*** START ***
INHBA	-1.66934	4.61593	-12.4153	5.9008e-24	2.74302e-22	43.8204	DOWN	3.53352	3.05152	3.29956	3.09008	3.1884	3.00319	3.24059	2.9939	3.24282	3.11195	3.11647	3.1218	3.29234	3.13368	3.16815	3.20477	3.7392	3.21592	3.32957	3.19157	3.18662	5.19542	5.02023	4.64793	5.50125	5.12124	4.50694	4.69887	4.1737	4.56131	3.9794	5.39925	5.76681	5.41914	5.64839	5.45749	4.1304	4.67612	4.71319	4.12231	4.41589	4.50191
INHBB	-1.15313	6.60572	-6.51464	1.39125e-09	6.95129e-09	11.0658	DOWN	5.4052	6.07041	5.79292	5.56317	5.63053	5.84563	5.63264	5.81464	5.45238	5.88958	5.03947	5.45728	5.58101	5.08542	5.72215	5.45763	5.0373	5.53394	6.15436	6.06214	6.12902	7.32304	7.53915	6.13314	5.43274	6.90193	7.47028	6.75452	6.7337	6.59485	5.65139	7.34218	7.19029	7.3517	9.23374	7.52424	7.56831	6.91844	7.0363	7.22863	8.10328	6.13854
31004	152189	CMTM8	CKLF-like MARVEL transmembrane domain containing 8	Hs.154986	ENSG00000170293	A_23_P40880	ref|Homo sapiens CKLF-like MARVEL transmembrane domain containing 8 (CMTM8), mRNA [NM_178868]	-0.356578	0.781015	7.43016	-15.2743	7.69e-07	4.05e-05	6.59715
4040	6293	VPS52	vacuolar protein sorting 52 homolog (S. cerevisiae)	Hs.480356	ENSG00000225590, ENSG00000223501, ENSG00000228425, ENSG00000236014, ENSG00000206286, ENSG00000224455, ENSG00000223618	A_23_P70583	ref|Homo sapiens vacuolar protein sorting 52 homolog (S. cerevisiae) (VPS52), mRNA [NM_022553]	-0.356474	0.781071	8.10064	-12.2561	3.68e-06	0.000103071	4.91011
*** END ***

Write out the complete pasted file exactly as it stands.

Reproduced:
INHBA	-1.66934	4.61593	-12.4153	5.9008e-24	2.74302e-22	43.8204	DOWN	3.53352	3.05152	3.29956	3.09008	3.1884	3.00319	3.24059	2.9939	3.24282	3.11195	3.11647	3.1218	3.29234	3.13368	3.16815	3.20477	3.7392	3.21592	3.32957	3.19157	3.18662	5.19542	5.02023	4.64793	5.50125	5.12124	4.50694	4.69887	4.1737	4.56131	3.9794	5.39925	5.76681	5.41914	5.64839	5.45749	4.1304	4.67612	4.71319	4.12231	4.41589	4.50191
INHBB	-1.15313	6.60572	-6.51464	1.39125e-09	6.95129e-09	11.0658	DOWN	5.4052	6.07041	5.79292	5.56317	5.63053	5.84563	5.63264	5.81464	5.45238	5.88958	5.03947	5.45728	5.58101	5.08542	5.72215	5.45763	5.0373	5.53394	6.15436	6.06214	6.12902	7.32304	7.53915	6.13314	5.43274	6.90193	7.47028	6.75452	6.7337	6.59485	5.65139	7.34218	7.19029	7.3517	9.23374	7.52424	7.56831	6.91844	7.0363	7.22863	8.10328	6.13854
31004	152189	CMTM8	CKLF-like MARVEL transmembrane domain containing 8	Hs.154986	ENSG00000170293	A_23_P40880	ref|Homo sapiens CKLF-like MARVEL transmembrane domain containing 8 (CMTM8), mRNA [NM_178868]	-0.356578	0.781015	7.43016	-15.2743	7.69e-07	4.05e-05	6.59715
4040	6293	VPS52	vacuolar protein sorting 52 homolog (S. cerevisiae)	Hs.480356	ENSG00000225590, ENSG00000223501, ENSG00000228425, ENSG00000236014, ENSG00000206286, ENSG00000224455, ENSG00000223618	A_23_P70583	ref|Homo sapiens vacuolar protein sorting 52 homolog (S. cerevisiae) (VPS52), mRNA [NM_022553]	-0.356474	0.781071	8.10064	-12.2561	3.68e-06	0.000103071	4.91011